Resilience in a coral reef ecosystem: Initiation of a long-term experiment to determine the effects of multiple disturbances
Documenting the trajectories of ecological communities following a disturbance represents one of the five core research themes central to LTER network science. Quantifying degrees of resilience, here defined as the time needed for a community to return to a previous steady or quasi-steady state following a disturbance, can be especially challenging when ecosystems experience multiple perturbations that, in combination, can cause complex, non-linear community responses. Understanding what influences resilience is becoming ever more critical in light of forecasted alterations in disturbance regimes (pulse events) and environmental drivers (press events) associated with global climate change. Global environmental change not only is altering the intensity of press events, it also is changing the frequency and strength of pulse disturbances. Given these complexities, the ability to forecast how ecosystems will respond to or recover from projected changes in pulse and press events is an important scientific challenge.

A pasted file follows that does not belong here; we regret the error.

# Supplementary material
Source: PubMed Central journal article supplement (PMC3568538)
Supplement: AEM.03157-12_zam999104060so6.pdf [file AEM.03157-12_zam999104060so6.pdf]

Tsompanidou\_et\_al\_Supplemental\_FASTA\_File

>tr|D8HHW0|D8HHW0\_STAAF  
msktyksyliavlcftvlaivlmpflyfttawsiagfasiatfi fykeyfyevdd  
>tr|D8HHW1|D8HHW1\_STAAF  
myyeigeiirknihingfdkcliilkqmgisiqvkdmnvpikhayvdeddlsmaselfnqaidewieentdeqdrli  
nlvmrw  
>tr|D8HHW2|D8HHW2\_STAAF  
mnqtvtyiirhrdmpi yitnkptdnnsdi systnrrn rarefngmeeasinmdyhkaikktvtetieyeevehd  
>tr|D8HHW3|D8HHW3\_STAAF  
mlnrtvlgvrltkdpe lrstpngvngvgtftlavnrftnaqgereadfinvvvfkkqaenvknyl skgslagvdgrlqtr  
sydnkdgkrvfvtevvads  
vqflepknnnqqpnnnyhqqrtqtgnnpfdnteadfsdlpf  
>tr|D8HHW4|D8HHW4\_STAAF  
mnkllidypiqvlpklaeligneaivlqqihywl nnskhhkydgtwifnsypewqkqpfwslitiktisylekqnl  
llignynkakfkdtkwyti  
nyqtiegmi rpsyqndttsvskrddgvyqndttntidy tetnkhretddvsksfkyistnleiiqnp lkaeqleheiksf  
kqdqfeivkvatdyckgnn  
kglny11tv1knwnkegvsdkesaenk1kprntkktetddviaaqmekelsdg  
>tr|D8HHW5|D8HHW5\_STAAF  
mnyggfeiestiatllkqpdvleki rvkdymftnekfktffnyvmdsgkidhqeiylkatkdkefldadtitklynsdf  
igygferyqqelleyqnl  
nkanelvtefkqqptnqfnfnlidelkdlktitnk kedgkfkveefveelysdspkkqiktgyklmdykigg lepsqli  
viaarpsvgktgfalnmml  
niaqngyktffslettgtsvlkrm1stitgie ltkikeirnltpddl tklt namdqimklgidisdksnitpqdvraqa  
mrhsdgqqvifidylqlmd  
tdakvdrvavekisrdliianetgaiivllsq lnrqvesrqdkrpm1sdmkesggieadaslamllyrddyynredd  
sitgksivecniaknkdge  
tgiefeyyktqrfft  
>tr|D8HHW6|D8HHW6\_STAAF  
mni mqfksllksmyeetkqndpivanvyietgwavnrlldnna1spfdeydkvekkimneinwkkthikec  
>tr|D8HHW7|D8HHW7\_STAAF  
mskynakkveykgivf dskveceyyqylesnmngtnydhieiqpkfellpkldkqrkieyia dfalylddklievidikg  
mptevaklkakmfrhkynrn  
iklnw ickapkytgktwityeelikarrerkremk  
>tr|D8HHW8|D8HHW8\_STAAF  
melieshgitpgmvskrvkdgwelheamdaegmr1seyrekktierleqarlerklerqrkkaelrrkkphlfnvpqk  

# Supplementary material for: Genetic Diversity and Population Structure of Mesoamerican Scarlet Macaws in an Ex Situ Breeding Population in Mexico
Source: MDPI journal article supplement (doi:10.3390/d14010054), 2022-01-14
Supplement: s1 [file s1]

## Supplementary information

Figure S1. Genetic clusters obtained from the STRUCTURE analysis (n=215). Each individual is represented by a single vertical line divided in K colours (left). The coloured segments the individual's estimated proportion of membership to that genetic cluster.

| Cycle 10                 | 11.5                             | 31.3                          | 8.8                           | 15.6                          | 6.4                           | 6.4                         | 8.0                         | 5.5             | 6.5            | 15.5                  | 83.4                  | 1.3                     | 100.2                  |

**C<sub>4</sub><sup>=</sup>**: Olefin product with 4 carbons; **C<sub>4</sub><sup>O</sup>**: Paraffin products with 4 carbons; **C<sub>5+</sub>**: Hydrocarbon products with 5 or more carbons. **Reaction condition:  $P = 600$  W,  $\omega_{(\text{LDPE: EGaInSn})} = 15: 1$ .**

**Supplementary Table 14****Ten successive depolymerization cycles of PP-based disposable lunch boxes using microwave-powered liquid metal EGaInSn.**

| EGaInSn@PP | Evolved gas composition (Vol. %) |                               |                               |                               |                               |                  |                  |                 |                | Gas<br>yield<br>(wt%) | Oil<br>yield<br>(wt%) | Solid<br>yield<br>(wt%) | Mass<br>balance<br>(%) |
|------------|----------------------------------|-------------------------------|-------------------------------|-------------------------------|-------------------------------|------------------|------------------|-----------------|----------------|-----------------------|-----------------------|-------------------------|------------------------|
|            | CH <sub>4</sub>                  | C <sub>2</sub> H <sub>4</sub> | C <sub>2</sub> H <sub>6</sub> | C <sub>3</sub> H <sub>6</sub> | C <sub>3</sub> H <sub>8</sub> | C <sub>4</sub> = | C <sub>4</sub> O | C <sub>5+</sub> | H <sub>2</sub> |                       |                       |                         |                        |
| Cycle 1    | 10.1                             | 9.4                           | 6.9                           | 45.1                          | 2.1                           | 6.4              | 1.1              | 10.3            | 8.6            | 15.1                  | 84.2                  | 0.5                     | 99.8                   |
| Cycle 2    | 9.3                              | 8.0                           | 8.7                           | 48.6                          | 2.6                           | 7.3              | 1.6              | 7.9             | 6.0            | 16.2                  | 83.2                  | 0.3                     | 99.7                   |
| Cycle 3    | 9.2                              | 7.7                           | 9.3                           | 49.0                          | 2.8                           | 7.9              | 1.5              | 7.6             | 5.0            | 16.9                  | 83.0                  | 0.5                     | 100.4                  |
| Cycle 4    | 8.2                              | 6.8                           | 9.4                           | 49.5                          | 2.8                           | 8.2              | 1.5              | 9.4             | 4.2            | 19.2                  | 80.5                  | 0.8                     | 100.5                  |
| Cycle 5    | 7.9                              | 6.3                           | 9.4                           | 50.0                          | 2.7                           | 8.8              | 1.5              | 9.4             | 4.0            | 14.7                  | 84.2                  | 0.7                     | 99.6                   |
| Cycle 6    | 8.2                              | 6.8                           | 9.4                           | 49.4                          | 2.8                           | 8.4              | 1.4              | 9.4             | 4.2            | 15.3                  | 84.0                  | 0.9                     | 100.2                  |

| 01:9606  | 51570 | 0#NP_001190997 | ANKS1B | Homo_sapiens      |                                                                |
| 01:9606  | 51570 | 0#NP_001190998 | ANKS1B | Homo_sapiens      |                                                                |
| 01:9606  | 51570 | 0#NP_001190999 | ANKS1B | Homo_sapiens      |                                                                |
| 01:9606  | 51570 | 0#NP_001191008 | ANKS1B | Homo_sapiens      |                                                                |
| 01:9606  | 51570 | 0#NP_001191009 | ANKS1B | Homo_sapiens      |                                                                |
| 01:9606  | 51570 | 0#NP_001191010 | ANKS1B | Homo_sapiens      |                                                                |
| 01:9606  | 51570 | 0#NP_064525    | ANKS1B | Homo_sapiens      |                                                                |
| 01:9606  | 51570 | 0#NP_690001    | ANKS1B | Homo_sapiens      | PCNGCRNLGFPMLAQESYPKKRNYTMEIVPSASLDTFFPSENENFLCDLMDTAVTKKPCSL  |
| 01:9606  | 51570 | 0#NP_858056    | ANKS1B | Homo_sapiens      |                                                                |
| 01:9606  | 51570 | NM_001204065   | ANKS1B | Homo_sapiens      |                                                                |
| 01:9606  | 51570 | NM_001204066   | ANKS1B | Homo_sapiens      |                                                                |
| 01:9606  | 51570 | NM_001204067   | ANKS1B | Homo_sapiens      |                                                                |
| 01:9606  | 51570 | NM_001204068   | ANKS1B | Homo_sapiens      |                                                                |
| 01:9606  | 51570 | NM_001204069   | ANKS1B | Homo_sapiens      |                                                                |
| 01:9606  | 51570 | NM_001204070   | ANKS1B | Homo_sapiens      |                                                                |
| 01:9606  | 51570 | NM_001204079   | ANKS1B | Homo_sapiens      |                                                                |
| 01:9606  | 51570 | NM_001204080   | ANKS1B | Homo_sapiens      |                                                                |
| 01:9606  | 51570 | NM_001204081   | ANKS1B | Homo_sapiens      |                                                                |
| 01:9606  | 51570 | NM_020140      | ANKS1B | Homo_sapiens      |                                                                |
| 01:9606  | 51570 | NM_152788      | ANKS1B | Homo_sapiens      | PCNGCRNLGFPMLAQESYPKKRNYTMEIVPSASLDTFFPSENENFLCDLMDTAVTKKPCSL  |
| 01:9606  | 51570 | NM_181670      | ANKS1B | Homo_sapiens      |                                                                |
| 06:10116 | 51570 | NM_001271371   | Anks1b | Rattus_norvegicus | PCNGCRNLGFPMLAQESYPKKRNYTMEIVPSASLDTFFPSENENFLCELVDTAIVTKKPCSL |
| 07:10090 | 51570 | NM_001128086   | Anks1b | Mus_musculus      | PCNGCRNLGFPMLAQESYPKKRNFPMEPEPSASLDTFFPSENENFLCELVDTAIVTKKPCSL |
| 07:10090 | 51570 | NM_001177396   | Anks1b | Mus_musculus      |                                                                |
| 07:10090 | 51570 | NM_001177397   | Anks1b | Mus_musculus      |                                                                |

Coral reefs frequently experience both short-term “pulse” and long-term “press” disturbances. As an example, the coral reefs surrounding the island of Moorea, French Polynesia experienced multiple pulse disturbances in the early to mid-1980s in the form of several cyclones and an outbreak of the crown-of-thorns seastar (Acanthaster planci)as well as a continuing disturbance in the form of low to moderate levels of overfishing. An unanticipated natural disturbance that is now occurring at the Moorea Coral Reef LTER site provides an opportunity to resolve several key questions regarding resilience, including the trajectory of the system following disturbances that affect different components of the ecosystem, and the existence and strength of positive feedbacks that might produce alternate persistent states. The source of the current disturbance is an outbreak of crown-of-thorns seastars on the reefs surrounding Moorea that has reduced the cover of living coral from ~60% to ~5% cover over large areas. The widespread elimination of just living coral tissue (with coral skeletal structure left intact) provides an opportunity to manipulate additional features to mimic qualitatively different types of disturbances, and to cross these treatments with various combinations of other environmental stressors. MCR investigators will conduct surveys and carry out a large field experiment to explore how and why resilience is affected by structural heterogeneity, grazing, corallivory and composition of the microbial community.